Freedom Caucus Chairman Rep. Mark Meadows, R-S.C., wants to eliminate CBO's analysis shop.

Freedom Caucus Chairman Rep. Mark Meadows, R-S.C., wants to eliminate CBO's analysis shop. AP Photo/Manuel Balce Ceneta

House Lawmakers to CBO Analysts: You’re Fired

Four House Republicans invoked an obscure budget rule to eliminate the jobs of 89 federal employees in the Congressional Budget Office.

With the nonpartisan Congressional Budget Office under fire from some Republicans for its recent cost estimates associated with repealing Obamacare, four House lawmakers on Monday invoked a rare budget tool seeking to abolish the agency’s budget analysis shop. The result, if included in a multi-bill appropriations package this week: elimination of 89 agency jobs.

The attack on CBO comes days after eight former directors of the agency, which Congress created in 1974 to serve as its official budget scorekeeper, sent a letter to top leaders in Congress protesting efforts to discredit its analyses.

The amendment offered under the 1876 "Holman Rule"—a controversial provision that was rescinded in 1983 before Republicans reinstated it earlier this year—was sent to the Rules Committee by Reps. Morgan Griffith, R-Va., backed by Jim Jordan, R-Ohio, Mark Meadows, R-N.C., and Scott Perry, R-Pa. The rule allows lawmakers to propose targeted changes in federal employee salaries.

“CBO is meant to help Congress evaluate legislation, but I do not believe the agency as currently constituted can do so effectively,” Griffith said in a statement. “Too often, predictions made by CBO turn out to be far off the mark. For example, it overestimated by millions the number of people who would enroll in the Obamacare exchanges. I have also cited in the past its prediction that a sale of wireless spectrum would be revenue-neutral when the sale in fact earned $40 billion for the government.”

Their alternative to relying on CBO analysts would be make CBO “an aggregator of predictions made by third-party public policy groups across the political spectrum, from left to center to right,” Griffith said.

The move was blasted by a group of Washington-area Democrats, who noted that current CBO Director Keith Hall, a Republican appointee, was praised by GOP lawmakers when he arrived in 2015.

“This is a foolish and unprecedented Republican attack on nonpartisan federal employees in order to pass a bill that would strip healthcare for millions of Americans,” said a joint statement from Reps. Steny Hoyer, D-Md., Don Beyer, D-Va., Rep. Eleanor Holmes Norton, D-D.C., Gerry Connolly, D-Va., Jamie Raskin, D-Md., Anthony Brown, D-Md., and Bobby Scott, D-Va. “This is part of a strategic assault on objectivity and expertise in the civil service. Partisan talking points cannot replace unbiased analysis. Nowhere is this more true than in our budget process. Republicans are losing the game, so now they are trying to fire the refs.”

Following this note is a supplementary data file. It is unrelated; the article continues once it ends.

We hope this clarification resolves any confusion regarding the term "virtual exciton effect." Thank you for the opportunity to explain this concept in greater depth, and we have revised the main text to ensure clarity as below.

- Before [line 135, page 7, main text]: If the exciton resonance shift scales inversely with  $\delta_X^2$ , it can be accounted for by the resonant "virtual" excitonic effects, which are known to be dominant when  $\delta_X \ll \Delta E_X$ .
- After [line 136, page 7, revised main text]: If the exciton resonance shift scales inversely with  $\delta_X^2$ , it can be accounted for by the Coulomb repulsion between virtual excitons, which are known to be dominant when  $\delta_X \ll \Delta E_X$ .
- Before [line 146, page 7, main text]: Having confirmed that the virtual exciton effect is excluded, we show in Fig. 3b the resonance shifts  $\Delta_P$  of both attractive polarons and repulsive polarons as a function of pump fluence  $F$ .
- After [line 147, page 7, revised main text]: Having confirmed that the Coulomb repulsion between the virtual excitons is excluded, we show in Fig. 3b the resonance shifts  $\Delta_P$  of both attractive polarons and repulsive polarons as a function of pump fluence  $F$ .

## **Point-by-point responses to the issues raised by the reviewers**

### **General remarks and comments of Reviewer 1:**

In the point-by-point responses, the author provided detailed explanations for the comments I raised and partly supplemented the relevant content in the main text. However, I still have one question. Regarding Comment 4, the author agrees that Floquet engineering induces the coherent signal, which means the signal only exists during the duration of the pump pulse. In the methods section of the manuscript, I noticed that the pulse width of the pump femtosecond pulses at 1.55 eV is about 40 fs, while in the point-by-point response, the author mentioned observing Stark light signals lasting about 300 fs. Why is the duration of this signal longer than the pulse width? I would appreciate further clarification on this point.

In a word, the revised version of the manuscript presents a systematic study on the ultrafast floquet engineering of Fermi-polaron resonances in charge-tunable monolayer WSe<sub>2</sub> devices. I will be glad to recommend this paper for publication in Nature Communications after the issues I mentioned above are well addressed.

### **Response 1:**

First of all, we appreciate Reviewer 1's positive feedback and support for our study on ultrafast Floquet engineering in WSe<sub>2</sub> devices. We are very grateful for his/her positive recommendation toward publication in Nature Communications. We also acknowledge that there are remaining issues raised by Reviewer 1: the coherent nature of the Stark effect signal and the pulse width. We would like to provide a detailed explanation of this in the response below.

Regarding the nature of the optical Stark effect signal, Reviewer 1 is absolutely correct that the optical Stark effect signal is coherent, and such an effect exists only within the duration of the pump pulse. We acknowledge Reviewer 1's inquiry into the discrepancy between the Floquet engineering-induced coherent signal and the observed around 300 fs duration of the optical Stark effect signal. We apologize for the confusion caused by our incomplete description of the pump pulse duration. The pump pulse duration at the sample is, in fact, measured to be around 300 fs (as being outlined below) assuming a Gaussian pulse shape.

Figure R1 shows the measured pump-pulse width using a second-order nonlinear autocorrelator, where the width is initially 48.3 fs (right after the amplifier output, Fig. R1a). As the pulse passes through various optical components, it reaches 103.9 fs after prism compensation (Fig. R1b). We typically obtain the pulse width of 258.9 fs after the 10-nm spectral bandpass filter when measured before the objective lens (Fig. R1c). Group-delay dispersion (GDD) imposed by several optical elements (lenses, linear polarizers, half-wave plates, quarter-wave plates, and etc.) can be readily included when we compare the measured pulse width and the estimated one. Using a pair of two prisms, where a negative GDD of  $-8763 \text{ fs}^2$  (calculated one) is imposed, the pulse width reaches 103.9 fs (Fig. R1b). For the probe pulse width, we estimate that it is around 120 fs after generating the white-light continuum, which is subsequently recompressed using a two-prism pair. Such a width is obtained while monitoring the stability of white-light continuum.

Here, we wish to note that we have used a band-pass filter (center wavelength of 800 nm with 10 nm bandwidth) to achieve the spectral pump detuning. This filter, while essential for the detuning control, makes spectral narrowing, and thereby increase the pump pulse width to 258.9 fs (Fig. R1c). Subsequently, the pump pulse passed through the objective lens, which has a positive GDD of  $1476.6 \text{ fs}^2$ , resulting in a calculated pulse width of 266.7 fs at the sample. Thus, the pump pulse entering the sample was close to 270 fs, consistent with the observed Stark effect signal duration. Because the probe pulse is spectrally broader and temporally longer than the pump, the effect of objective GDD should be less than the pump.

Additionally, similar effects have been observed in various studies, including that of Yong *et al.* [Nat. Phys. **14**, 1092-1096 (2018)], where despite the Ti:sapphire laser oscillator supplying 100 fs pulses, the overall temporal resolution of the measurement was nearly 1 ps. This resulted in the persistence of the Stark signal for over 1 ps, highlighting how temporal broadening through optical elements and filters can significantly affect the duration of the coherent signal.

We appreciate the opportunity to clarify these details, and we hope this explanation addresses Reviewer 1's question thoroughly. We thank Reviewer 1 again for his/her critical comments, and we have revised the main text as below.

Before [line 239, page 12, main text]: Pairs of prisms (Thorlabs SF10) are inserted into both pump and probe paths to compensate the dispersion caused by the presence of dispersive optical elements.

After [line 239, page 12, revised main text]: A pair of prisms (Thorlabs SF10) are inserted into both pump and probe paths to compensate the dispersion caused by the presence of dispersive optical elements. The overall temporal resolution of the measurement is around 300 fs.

The extended attacks on CBO’s budgetary impact analysis heard from Republican lawmakers and members of the Trump administration on Friday prompted the letter from all the former CBO directors.

“We write to express our strong objection to recent attacks on the integrity and professionalism of the agency and on the agency’s role in the legislative process,” they said. “To meet the standard of nonpartisan objectivity, CBO makes no recommendations about policy, regularly consults with researchers and practitioners with a wide range of views (as can be seen in the agency’s panels of advisers and reviewers for major studies), and enhances its transparency by releasing extensive descriptions of its analytic techniques and forecast record.

“To produce estimates of high quality, CBO uses its detailed understanding of federal programs and economic conditions, ongoing interactions with government officials and private-sector experts, the best academic research, and the latest available data consistent with the timing of the Congressional budget process,” wrote Douglas Elmendorf, Douglas Holz-Eakin, Alice Rivlin, Rudolph Penner, Dan Crippen, June O’Neill, Peter Orszag and Robert Reischauer.

“In sum, relying on CBO’s estimates in the legislative process has served the Congress — and the American people — very well during the past four decades. As the House and Senate consider potential policy changes this year and in the years ahead, we urge you to maintain and respect the Congress’s decades-long reliance on CBO’s estimates in developing and scoring bills.”